When describing his hip-hop group The City Limits, guitarist Ty Donovan says they’re a lot like the Avengers. That might sound like a bold assertion, but he does have a point. After all, The City Limits is comprised of a group of talented individuals — also including emcee Creed Chameleon, DJ Doughmz, keyboardist Ely Macadandang, drummer Jarrett Marquez and bassist Render — who have joined forces to create something larger.
“We have so many different (musical) backgrounds in our band,” Donovan says. “But our styles just come together.”
And if that’s the case, then the project that they currently are working on is like the Avengers teaming up with the Justice League: They’re headlining a West Coast tour featuring Super Groupers, a local hip-hop collective comprised of Navid Najafi, Illis It and Scott Ohtoro. Presented by clothing brand Farmers Market Hawaii, the Golden Era District Tour will take the bands to Las Vegas, Los Angeles, San Diego and Arizona beginning July 27.
“It is a blessing to do this tour,” Creed Chameleon says. “The whole concept of the tour is just trying to branch out as Hawaii hip hop artists and trying to make timeless, classic music — and just good music in general coming from the Islands.”
That part about branching out from Hawaii makes up the crux of the tour for both bands. A larger part of the tour’s purpose, they say, is to pave the way for other local acts to be able to play on the Mainland — and ultimately to expand the reach of Hawaii-grown music.
“The whole focus of The City Limits is just the fact that we are so limited on this island, so (our name) reflects the fact that we don’t need to confine ourselves within the city limits — we are the city limits — so we are trying to branch out,” Creed explains.
Both groups are inspired by ‘90s hip-hop (hence the tour title), a shared interest that has led to a seamless partnership. And while they’re not taking the stage together on this tour — Super Groupers will be opening for City Limits at each show — it could be a signal of things to come in the future. On collaborating, Creed says this: “Stay tuned, because we are going to be making some new music together pretty soon.”
Metro recently had the chance to catch up with Creed Chameleon and Ty Donovan of The City Limits, and Navid Najafi and Scott Ohtoro of Super Groupers to talk about their partnership, the tour and what’s to come.
HOW DID YOUR TWO GROUPS CONNECT?
Navid Najafi: I dig their music. We grew up listening to the same stuff, the same vibe — it’s a natural fit.
Creed Chameleon: I like their music — that is the reason that I work with them, first off. I have always wanted to work with them. With the Super Groupers, it’s the same type of motive as (The City Limits).
WHAT DO YOU MEAN THAT YOU HAVE A SIMILAR MOTIVE?
CC: Our motive is just trying to bring good music. Yeah, we want to get paid doing what we do, but I think it is just that drive and passion. I think I can speak for every one of them: Music drives us; money doesn’t motivate us. Money is good, but …
Ty Donovan: But money is not dancing at our shows.
THE CITY LIMITS IS STILL PRETTY NEW — CAN YOU TELL ME MORE ABOUT HOW YOU FORMED?
CC: We formed in October of last year. It started with myself, (drummer) Jarrett (Marquez) and DJ Doughmz. I wanted to get that live-sound feel, and we just wanted to bring back that whole golden-era sound, back to ‘90s kind of hip hop. Definitely within a short amount of time, we cohesively created a lot of music and have been able to play some really good shows — definitely got some good chemistry going. I have always been a solo artist … but it’s definitely exciting to have a band and a crew to create the same type of music that I like making.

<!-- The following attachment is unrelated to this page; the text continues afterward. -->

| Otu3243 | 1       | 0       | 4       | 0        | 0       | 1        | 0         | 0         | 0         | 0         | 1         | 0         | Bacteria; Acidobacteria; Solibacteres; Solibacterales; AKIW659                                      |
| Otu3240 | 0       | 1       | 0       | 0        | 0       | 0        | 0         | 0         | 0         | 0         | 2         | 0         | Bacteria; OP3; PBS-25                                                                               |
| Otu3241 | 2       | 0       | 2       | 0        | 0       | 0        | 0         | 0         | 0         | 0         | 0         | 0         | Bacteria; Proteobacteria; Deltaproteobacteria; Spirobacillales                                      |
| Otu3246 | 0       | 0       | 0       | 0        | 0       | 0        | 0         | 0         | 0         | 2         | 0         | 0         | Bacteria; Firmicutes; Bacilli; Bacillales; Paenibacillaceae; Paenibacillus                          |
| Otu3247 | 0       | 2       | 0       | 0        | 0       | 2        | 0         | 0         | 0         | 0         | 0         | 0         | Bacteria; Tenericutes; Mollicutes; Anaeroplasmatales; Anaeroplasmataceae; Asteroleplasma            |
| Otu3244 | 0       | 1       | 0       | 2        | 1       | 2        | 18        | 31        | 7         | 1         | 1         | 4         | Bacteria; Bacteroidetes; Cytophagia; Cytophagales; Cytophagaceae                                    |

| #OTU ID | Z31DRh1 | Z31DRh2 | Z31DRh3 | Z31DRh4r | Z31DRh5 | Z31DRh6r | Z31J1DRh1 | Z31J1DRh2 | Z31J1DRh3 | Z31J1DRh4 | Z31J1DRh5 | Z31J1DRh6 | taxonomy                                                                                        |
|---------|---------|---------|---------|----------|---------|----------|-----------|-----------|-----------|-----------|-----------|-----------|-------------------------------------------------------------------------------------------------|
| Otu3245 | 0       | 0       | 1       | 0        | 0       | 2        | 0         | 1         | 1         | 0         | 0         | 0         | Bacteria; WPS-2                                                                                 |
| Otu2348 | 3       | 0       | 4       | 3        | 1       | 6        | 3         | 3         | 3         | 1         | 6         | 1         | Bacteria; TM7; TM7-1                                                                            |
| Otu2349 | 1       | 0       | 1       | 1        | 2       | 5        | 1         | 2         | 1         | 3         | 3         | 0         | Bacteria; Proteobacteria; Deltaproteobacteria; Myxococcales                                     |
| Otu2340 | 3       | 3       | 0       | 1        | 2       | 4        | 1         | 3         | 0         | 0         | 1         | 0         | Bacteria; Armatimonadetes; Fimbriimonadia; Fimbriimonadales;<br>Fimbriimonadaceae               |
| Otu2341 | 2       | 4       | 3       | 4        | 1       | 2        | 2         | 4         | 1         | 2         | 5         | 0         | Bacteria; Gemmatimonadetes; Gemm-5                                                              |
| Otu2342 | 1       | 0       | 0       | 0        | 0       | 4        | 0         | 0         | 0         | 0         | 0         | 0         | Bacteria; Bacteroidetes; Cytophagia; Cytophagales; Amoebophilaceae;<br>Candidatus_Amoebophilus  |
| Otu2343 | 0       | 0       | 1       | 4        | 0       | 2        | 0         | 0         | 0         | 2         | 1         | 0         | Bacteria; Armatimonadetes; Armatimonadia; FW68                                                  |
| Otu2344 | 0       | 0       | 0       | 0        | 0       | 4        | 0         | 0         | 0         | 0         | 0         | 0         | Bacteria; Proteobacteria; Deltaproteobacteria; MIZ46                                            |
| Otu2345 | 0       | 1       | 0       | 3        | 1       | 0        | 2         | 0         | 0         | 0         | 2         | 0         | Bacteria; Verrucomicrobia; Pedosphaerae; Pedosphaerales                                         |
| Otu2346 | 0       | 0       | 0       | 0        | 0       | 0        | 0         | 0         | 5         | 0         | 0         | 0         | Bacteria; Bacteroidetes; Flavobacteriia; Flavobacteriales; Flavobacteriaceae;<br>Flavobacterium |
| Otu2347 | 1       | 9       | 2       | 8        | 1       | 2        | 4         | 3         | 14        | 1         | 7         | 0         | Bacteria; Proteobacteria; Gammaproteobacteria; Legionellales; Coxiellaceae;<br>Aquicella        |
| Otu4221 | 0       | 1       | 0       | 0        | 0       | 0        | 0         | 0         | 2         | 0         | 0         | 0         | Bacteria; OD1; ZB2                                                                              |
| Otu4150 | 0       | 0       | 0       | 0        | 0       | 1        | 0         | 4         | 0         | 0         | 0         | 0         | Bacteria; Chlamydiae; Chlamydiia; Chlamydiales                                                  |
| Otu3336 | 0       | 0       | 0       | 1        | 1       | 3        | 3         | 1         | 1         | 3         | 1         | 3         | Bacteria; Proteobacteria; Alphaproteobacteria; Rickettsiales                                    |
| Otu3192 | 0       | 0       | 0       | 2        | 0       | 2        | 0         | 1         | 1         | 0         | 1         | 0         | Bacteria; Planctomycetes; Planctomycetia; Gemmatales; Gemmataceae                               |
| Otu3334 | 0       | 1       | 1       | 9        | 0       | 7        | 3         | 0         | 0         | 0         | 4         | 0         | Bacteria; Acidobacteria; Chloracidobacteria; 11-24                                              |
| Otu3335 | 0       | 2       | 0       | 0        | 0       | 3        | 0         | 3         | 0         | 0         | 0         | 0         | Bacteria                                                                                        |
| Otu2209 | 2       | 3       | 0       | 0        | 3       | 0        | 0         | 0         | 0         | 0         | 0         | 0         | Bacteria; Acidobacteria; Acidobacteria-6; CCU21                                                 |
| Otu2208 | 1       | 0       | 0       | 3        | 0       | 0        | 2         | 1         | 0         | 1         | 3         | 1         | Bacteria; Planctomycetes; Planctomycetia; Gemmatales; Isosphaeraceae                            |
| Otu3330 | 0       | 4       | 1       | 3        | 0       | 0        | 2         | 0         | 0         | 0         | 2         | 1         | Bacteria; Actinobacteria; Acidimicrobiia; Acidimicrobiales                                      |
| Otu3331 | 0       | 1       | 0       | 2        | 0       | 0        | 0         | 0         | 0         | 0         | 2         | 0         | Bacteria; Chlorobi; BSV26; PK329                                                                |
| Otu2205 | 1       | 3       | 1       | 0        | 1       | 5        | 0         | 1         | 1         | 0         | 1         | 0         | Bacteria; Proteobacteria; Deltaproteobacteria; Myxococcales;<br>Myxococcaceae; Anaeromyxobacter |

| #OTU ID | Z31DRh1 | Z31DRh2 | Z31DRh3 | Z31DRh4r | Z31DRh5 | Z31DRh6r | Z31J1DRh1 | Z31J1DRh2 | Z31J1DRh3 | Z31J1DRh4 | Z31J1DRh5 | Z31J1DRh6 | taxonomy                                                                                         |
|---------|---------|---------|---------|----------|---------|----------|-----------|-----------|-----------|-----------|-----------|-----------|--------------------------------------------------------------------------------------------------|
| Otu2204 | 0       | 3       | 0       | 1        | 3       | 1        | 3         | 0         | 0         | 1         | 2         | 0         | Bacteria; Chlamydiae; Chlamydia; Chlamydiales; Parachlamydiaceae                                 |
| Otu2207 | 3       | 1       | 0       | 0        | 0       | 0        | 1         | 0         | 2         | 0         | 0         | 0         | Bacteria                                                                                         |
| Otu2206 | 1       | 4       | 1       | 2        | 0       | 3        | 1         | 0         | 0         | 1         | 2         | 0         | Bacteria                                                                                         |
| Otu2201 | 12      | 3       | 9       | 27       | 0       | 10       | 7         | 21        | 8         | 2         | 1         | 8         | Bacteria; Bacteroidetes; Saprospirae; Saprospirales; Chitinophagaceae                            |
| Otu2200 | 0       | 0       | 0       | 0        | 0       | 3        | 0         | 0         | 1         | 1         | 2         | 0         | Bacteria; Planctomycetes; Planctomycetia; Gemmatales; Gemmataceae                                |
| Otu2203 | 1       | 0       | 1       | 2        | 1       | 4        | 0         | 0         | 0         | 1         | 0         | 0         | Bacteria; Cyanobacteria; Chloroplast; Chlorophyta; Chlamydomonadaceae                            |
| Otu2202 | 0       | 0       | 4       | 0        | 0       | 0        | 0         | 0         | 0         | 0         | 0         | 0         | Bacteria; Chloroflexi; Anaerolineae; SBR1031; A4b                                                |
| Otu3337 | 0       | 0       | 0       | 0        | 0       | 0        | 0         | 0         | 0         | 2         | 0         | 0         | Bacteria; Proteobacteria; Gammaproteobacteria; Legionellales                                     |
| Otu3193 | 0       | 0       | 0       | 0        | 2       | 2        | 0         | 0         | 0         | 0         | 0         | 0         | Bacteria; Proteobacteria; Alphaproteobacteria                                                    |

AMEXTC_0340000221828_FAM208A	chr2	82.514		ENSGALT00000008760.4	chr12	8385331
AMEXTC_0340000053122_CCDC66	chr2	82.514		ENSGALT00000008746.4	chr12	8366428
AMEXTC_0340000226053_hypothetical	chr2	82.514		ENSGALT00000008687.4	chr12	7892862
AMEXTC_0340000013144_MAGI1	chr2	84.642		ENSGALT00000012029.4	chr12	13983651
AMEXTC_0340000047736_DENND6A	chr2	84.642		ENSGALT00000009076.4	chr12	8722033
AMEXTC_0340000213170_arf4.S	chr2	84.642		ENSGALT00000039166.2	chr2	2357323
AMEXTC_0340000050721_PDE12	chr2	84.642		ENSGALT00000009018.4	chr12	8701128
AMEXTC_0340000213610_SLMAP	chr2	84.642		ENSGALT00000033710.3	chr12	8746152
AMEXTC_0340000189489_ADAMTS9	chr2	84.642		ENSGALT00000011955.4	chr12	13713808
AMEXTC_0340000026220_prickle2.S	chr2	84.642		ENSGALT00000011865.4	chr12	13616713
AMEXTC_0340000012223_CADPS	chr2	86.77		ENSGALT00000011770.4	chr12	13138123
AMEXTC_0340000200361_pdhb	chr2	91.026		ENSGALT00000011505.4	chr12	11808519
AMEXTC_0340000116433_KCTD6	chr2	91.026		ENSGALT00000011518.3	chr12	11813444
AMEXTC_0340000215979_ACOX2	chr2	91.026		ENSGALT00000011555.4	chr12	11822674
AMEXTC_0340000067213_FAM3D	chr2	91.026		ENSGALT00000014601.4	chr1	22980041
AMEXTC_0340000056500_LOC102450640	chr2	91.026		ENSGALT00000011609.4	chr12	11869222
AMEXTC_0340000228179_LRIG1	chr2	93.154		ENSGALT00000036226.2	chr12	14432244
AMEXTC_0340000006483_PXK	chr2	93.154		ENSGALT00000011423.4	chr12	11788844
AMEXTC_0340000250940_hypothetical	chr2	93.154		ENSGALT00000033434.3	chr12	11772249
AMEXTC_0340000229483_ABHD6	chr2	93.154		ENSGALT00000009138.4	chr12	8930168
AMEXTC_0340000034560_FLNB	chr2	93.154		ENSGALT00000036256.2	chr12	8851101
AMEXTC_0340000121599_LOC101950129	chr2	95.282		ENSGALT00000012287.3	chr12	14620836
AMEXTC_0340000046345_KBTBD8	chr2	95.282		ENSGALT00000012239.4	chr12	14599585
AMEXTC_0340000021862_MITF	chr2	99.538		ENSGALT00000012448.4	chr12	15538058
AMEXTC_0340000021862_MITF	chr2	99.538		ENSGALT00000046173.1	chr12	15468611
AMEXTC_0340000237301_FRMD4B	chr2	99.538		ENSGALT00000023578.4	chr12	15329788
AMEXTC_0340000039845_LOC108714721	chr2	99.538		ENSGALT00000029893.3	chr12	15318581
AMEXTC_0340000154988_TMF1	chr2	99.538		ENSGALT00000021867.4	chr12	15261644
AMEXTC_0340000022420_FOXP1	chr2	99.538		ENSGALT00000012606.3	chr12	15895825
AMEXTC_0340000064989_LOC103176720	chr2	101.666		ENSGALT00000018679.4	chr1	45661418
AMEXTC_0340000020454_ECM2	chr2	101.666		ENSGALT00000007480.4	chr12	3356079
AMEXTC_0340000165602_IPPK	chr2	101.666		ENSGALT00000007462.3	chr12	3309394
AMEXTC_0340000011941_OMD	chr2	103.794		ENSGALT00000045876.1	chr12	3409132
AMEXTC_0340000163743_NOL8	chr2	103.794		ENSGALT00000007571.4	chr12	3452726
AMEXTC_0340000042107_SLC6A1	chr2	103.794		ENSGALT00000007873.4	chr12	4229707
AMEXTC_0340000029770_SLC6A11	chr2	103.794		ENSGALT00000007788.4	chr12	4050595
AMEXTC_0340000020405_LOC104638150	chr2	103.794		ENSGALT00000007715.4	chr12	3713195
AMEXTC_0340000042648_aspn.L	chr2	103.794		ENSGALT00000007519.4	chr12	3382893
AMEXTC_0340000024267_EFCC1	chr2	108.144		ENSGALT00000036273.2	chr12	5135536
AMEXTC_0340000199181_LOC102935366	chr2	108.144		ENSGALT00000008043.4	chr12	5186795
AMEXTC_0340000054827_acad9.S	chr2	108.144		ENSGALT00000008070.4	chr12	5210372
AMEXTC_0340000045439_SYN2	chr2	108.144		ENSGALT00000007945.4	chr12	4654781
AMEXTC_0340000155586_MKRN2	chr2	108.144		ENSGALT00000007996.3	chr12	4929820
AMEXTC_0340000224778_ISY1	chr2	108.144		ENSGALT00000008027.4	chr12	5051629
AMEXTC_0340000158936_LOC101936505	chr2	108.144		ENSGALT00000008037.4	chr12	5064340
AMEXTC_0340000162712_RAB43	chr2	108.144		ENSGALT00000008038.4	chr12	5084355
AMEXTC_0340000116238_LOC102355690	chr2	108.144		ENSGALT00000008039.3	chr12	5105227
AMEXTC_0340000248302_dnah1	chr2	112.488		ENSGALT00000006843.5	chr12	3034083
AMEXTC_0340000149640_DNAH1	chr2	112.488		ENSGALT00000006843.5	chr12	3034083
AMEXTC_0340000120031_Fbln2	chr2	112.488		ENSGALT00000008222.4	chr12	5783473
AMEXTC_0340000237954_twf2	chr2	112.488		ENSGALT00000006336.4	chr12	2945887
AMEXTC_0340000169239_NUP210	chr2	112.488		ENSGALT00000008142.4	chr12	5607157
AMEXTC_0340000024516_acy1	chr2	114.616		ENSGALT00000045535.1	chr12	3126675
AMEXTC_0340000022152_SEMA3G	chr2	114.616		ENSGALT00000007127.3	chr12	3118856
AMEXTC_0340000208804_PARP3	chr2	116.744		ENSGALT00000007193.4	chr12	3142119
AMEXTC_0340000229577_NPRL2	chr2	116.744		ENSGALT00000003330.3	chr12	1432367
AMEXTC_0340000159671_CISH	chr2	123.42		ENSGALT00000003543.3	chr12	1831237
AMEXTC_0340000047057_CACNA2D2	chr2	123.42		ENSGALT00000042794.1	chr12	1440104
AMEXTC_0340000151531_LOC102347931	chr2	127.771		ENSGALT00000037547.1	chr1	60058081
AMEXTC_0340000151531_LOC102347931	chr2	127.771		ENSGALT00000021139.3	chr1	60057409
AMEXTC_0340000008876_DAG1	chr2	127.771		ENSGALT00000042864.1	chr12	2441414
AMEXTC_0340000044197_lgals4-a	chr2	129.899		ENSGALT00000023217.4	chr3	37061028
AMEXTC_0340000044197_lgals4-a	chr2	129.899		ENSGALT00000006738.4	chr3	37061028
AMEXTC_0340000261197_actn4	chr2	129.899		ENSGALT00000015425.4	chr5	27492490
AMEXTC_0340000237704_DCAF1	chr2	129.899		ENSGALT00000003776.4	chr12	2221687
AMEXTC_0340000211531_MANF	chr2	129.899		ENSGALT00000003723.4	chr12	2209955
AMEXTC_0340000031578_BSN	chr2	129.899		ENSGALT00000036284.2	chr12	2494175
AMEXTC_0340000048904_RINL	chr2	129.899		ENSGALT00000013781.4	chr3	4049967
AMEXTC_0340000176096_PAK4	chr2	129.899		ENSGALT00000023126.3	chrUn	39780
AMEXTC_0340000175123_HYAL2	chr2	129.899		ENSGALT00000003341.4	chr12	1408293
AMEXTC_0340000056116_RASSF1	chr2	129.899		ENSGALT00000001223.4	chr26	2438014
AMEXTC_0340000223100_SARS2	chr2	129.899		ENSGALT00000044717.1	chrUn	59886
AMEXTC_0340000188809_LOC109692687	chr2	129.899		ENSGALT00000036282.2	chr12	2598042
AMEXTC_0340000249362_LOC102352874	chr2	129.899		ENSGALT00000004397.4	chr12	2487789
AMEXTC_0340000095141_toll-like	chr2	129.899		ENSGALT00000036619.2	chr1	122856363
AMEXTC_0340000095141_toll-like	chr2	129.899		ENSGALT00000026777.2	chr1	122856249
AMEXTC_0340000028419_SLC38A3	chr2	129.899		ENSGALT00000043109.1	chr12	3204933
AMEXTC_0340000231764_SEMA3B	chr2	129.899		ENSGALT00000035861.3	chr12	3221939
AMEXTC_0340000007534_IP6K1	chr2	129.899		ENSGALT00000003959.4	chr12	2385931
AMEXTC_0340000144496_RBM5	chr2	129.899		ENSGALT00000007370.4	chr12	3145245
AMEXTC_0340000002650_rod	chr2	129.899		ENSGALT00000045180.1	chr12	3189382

WHAT RELEASES CAN WE EXPECT FROM THE CITY LIMITS?
CC: We are in the works of dropping something — it is going to be probably like a live acoustic recording of our sessions so far. We are in the midst of trying to get a full-length album, and we are going to be dropping an EP some time this summer.
WHAT CAN WE EXPECT FROM BOTH OF YOUR GROUPS AFTER THE TOUR?
Scott Ohtoro: Super Groupers has an album coming out — we are going to drop it during the tour — Learn To Fly.
CC: After the tour, I can’t really say, but we will potentially be opening for some big artists. I can’t release it, but we have already got offers.
WHAT IS YOUR GOAL WITH THE TOUR?
NN: To expand our limits, and then for Hawaii artists to make a presence to these venues, promoters, fans, other artists — they will see, hey these guys are from Hawaii. It’s not like we are the first (local groups) to ever do this, but we need this constant exchange. And we may make connections out there and invite people here, so it’s really for the benefit of the whole scene: If one of us does well, we can all do well.
SO YOU’RE SAYING THIS TOUR COULD HELP HAWAII MUSIC AS A WHOLE — HOW?
CC: I think it’s just making that effort, making that ripple — we gotta drop that stone in the water to make it ripple. Somebody has gotta do it, and it will all fall into place for all these other artists.
NN: Hopefully, when we go to these places, we are able to make some connections and we are able to open doors for other artists to do the same. There is already this connection between Hawaii and the West Coast — we gotta keep this thing alive. For us, it’s like a responsibility — like, we can’t be whack when we go out there; we might just kill the whole if we’re whack. We gotta bring it — we gotta go out there and represent.
To help fund travel and lodging costs for the tour, The City Limits and Super Groupers are running an indiegogo campaign (indiegogo.com/projects/help-the-city-limits-super-groupers-tour–2#/), which wraps July 21. Donations come with various incentives, from a Farmers Market grab bag to a Creed Chameleon discography.